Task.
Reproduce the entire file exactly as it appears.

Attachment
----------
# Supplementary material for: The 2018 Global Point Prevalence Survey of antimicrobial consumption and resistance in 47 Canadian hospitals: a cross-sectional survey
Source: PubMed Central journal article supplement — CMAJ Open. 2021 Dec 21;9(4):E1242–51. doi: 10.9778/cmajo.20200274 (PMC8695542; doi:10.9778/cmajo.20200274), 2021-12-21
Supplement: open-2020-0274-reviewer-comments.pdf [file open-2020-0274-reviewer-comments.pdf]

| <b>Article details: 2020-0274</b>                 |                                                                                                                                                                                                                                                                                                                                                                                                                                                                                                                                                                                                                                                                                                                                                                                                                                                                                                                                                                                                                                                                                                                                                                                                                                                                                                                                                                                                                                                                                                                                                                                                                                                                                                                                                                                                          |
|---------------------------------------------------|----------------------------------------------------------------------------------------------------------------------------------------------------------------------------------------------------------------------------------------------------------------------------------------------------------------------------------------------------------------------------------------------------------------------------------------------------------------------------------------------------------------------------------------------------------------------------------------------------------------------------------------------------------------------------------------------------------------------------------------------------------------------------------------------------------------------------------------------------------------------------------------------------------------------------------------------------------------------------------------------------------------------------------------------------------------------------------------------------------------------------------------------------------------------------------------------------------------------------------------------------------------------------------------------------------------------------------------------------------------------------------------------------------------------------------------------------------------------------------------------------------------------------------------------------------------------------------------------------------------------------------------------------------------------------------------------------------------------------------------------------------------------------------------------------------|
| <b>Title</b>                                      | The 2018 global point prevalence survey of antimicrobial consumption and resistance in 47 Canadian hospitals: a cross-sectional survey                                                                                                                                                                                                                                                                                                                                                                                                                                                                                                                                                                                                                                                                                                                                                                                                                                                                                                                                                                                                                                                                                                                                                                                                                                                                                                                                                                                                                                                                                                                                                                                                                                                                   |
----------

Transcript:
# Supplementary material for: The 2018 Global Point Prevalence Survey of antimicrobial consumption and resistance in 47 Canadian hospitals: a cross-sectional survey
Source: PubMed Central journal article supplement — CMAJ Open. 2021 Dec 21;9(4):E1242–51. doi: 10.9778/cmajo.20200274 (PMC8695542; doi:10.9778/cmajo.20200274), 2021-12-21
Supplement: open-2020-0274-reviewer-comments.pdf [file open-2020-0274-reviewer-comments.pdf]

| <b>Article details: 2020-0274</b>                 |                                                                                                                                                                                                                                                                                                                                                                                                                                                                                                                                                                                                                                                                                                                                                                                                                                                                                                                                                                                                                                                                                                                                                                                                                                                                                                                                                                                                                                                                                                                                                                                                                                                                                                                                                                                                          |
|---------------------------------------------------|----------------------------------------------------------------------------------------------------------------------------------------------------------------------------------------------------------------------------------------------------------------------------------------------------------------------------------------------------------------------------------------------------------------------------------------------------------------------------------------------------------------------------------------------------------------------------------------------------------------------------------------------------------------------------------------------------------------------------------------------------------------------------------------------------------------------------------------------------------------------------------------------------------------------------------------------------------------------------------------------------------------------------------------------------------------------------------------------------------------------------------------------------------------------------------------------------------------------------------------------------------------------------------------------------------------------------------------------------------------------------------------------------------------------------------------------------------------------------------------------------------------------------------------------------------------------------------------------------------------------------------------------------------------------------------------------------------------------------------------------------------------------------------------------------------|
| <b>Title</b>                                      | The 2018 global point prevalence survey of antimicrobial consumption and resistance in 47 Canadian hospitals: a cross-sectional survey                                                                                                                                                                                                                                                                                                                                                                                                                                                                                                                                                                                                                                                                                                                                                                                                                                                                                                                                                                                                                                                                                                                                                                                                                                                                                                                                                                                                                                                                                                                                                                                                                                                                   |